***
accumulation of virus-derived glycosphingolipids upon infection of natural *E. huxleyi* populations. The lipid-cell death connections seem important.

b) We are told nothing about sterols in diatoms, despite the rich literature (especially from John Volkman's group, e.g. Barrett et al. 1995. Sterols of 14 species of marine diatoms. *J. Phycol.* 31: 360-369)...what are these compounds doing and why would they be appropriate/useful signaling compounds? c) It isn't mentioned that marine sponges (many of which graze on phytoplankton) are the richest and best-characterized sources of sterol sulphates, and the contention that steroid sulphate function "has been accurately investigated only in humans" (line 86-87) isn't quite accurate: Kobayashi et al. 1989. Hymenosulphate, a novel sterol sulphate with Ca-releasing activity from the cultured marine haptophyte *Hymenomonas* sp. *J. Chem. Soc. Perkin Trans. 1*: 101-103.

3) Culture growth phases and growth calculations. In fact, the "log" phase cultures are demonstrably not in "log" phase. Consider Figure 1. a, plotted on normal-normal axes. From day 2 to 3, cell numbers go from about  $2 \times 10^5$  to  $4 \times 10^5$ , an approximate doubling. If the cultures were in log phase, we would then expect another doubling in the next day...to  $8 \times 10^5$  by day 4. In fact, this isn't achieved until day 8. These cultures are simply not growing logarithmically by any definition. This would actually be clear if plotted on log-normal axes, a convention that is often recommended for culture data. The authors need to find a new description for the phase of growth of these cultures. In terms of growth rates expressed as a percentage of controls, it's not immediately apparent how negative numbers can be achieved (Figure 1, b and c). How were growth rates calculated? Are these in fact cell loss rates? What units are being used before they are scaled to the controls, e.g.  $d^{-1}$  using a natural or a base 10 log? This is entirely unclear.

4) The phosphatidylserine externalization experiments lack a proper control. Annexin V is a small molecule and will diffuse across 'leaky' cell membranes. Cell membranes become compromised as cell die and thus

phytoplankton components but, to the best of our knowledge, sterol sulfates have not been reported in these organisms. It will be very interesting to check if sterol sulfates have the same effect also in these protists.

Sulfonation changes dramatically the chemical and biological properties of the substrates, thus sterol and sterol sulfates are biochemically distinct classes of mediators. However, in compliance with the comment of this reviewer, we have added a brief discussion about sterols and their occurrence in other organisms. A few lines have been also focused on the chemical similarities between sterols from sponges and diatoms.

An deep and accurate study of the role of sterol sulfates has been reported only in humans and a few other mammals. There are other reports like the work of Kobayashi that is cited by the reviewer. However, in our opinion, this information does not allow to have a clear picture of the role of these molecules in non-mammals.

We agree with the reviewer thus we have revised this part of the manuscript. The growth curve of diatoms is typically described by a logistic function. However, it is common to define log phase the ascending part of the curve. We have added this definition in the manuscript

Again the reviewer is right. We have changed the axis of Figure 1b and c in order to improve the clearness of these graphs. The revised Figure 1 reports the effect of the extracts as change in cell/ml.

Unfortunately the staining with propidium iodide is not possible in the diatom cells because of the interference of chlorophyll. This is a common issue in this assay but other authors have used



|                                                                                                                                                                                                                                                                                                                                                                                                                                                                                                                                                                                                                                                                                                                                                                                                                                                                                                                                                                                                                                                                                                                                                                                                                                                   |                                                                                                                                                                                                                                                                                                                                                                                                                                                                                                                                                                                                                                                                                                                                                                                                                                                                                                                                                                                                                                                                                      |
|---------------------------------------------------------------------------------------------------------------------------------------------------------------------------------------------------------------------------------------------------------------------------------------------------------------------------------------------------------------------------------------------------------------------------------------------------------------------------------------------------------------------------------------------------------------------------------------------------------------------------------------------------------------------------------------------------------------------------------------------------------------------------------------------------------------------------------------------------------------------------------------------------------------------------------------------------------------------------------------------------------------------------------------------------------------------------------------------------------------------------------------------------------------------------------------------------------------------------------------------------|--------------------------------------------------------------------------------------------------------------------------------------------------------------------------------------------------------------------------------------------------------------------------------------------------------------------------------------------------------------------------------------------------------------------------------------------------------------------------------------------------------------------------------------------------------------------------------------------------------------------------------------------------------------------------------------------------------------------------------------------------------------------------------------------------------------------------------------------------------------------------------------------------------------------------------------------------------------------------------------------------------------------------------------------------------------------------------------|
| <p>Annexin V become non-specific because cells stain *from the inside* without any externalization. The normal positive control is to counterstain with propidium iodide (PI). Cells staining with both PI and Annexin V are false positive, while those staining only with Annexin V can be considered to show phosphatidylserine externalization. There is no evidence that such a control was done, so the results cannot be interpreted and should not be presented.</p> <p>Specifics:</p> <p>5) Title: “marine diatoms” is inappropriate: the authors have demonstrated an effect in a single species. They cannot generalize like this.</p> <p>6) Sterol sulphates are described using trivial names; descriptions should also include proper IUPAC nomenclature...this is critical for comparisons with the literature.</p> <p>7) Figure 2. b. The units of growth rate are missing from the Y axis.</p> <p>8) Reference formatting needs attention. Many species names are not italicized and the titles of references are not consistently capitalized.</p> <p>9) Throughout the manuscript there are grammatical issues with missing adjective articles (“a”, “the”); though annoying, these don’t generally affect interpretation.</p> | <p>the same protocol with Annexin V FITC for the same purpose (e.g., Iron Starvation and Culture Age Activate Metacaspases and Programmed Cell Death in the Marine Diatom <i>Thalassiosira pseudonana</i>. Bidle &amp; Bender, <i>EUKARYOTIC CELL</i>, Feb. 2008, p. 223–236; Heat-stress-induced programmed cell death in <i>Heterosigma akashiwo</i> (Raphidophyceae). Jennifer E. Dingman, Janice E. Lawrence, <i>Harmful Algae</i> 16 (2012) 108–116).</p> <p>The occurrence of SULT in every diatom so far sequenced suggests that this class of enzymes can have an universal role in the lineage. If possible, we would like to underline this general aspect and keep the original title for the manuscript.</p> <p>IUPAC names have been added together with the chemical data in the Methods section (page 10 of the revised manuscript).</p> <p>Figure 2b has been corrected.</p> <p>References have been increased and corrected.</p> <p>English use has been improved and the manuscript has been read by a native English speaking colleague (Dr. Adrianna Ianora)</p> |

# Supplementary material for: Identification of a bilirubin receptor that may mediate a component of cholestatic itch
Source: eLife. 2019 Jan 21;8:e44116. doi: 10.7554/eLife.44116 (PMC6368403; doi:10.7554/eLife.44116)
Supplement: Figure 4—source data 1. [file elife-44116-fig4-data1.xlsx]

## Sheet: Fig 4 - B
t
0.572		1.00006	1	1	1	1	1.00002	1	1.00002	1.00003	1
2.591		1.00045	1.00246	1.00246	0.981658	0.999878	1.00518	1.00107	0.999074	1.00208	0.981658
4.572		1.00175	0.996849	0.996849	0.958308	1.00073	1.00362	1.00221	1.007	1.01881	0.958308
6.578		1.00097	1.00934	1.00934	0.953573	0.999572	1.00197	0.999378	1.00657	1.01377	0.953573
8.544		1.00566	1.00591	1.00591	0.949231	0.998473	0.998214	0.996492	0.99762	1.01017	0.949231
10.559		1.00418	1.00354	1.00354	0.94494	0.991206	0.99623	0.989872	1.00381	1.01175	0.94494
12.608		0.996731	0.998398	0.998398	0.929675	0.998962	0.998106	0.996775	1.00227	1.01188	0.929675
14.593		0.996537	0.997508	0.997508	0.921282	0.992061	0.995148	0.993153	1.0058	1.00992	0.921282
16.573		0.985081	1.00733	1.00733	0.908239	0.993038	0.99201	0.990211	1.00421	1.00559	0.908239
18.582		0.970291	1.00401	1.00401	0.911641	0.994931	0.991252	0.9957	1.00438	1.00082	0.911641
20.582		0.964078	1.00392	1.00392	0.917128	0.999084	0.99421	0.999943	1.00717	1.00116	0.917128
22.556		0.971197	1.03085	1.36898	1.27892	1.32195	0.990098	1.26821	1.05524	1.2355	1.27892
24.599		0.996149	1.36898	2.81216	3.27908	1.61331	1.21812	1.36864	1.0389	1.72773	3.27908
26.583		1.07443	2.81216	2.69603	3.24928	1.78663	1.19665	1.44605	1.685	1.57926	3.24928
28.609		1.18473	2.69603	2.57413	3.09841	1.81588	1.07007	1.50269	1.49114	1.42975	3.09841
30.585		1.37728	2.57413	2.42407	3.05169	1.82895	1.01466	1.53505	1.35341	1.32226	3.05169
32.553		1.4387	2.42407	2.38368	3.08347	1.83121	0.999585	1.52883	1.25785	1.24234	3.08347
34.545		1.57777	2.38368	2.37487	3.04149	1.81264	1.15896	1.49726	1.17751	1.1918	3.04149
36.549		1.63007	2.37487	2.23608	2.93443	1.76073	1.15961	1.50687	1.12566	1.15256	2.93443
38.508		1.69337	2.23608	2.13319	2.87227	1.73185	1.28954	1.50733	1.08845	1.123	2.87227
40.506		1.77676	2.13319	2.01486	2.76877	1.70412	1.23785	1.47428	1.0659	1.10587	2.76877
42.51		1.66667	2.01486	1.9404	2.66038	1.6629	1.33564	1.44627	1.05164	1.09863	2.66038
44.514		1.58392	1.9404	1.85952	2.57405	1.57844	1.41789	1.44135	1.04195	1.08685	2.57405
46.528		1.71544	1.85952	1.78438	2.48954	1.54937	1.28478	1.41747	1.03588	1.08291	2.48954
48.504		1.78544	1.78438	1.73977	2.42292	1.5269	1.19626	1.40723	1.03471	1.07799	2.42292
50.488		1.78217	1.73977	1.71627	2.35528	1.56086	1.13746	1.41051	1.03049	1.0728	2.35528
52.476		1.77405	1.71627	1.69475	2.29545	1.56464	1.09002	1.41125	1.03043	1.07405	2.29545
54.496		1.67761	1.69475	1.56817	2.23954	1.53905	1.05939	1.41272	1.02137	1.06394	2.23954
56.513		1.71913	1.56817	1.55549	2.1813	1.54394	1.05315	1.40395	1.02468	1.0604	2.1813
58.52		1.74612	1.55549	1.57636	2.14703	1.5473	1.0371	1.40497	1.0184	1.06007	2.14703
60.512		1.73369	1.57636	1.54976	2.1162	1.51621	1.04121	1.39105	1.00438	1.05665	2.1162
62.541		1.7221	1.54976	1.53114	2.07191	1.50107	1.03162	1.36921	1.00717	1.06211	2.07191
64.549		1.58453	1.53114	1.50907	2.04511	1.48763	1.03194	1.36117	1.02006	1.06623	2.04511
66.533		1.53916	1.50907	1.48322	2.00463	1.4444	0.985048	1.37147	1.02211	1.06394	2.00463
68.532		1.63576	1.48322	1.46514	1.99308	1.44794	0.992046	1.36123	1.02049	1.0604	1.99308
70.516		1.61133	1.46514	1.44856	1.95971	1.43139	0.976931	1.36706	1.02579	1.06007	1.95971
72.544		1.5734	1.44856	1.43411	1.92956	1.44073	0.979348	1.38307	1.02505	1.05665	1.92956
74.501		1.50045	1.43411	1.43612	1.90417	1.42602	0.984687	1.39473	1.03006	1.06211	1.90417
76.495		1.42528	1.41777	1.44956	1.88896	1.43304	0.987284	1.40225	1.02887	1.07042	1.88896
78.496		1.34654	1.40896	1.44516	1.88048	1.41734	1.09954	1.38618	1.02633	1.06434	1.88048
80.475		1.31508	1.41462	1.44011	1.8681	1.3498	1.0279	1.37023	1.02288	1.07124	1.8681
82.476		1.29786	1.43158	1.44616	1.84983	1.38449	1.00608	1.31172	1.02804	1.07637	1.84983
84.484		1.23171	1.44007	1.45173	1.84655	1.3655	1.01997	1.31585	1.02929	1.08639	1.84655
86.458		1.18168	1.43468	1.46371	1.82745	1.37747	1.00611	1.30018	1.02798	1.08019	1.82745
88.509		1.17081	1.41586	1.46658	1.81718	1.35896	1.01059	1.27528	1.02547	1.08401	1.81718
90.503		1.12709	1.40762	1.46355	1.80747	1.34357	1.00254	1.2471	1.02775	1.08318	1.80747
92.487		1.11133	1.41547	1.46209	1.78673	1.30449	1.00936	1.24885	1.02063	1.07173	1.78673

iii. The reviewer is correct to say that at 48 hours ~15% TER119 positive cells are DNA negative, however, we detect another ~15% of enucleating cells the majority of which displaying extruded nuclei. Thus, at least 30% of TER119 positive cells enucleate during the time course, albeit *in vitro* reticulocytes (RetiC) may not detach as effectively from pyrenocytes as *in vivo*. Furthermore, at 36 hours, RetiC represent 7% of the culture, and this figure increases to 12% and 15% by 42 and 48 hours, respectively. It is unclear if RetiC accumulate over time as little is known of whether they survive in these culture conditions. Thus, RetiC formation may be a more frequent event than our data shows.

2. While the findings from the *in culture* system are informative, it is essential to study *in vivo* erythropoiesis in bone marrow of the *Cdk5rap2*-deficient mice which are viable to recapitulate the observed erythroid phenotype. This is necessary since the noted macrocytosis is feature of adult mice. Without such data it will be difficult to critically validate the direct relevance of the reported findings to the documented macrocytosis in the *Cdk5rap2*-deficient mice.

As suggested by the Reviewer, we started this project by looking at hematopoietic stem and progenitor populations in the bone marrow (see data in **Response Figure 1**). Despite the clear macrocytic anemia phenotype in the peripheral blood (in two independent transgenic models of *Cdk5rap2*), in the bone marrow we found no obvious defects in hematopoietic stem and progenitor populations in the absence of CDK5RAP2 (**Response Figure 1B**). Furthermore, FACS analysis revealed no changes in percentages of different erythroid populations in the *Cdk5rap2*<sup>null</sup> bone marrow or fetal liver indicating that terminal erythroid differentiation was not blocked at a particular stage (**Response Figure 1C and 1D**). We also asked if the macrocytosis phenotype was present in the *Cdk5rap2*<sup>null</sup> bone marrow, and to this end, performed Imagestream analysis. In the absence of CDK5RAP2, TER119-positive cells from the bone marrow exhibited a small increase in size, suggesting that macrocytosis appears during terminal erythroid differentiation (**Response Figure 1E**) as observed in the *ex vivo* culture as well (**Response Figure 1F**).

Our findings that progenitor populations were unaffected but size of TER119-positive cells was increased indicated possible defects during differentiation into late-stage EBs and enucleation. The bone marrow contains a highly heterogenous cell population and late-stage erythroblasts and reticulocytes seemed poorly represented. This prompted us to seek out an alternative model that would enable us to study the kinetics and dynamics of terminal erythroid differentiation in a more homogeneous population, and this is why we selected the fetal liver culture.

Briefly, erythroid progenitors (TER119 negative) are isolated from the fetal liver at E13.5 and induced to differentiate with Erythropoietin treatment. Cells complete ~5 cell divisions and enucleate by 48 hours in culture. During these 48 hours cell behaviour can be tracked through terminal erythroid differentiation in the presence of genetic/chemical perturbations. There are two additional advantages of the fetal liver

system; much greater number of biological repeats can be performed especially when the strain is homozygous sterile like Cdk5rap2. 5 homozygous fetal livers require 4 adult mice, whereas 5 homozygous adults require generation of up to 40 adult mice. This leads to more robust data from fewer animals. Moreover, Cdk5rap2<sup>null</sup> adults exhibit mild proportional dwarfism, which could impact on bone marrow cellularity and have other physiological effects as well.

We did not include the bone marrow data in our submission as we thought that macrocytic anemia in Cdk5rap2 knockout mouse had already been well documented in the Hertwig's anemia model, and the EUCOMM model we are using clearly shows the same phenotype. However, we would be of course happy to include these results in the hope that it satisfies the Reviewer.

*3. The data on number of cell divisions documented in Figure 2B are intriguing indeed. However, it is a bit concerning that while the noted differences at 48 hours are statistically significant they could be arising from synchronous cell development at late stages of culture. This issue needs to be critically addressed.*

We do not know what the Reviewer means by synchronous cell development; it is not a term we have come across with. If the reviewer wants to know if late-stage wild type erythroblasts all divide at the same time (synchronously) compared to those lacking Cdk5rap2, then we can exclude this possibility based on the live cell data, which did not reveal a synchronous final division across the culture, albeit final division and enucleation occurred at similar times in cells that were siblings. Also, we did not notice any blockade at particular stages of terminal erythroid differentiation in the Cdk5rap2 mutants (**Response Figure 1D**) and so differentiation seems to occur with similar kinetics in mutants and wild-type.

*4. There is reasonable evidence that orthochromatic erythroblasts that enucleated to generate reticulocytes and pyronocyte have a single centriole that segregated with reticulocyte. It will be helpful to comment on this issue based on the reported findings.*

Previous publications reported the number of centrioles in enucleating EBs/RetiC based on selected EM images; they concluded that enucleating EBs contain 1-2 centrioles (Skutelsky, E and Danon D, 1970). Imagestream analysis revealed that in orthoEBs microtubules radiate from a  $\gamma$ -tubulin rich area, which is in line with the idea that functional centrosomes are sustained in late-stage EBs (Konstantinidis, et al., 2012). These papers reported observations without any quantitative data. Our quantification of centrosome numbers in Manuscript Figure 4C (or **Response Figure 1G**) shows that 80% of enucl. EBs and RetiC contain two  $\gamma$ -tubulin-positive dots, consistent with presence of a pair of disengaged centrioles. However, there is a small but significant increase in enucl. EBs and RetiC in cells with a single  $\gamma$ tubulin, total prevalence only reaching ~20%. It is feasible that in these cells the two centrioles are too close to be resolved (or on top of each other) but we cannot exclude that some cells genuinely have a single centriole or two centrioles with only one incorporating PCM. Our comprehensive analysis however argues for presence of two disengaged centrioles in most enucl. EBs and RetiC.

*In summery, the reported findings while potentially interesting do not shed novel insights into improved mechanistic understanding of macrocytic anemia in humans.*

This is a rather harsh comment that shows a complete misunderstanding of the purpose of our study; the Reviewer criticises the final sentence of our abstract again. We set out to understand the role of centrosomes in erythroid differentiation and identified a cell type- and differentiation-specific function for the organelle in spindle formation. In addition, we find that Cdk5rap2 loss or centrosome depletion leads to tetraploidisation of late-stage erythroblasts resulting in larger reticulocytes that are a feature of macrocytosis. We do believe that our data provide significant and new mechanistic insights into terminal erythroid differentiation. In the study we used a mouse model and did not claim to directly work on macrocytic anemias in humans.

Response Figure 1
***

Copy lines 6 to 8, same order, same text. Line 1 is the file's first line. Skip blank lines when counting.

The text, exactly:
Sulfonation changes dramatically the chemical and biological properties of the substrates, thus sterol and sterol sulfates are biochemically distinct classes of mediators. However, in compliance with the comment of this reviewer, we have added a brief discussion about sterols and their occurrence in other organisms. A few lines have been also focused on the chemical similarities between sterols from sponges and diatoms.

An deep and accurate study of the role of sterol sulfates has been reported only in humans and a few other mammals. There are other reports like the work of Kobayashi that is cited by the reviewer. However, in our opinion, this information does not allow to have a clear picture of the role of these molecules in non-mammals.

We agree with the reviewer thus we have revised this part of the manuscript. The growth curve of diatoms is typically described by a logistic function. However, it is common to define log phase the ascending part of the curve. We have added this definition in the manuscript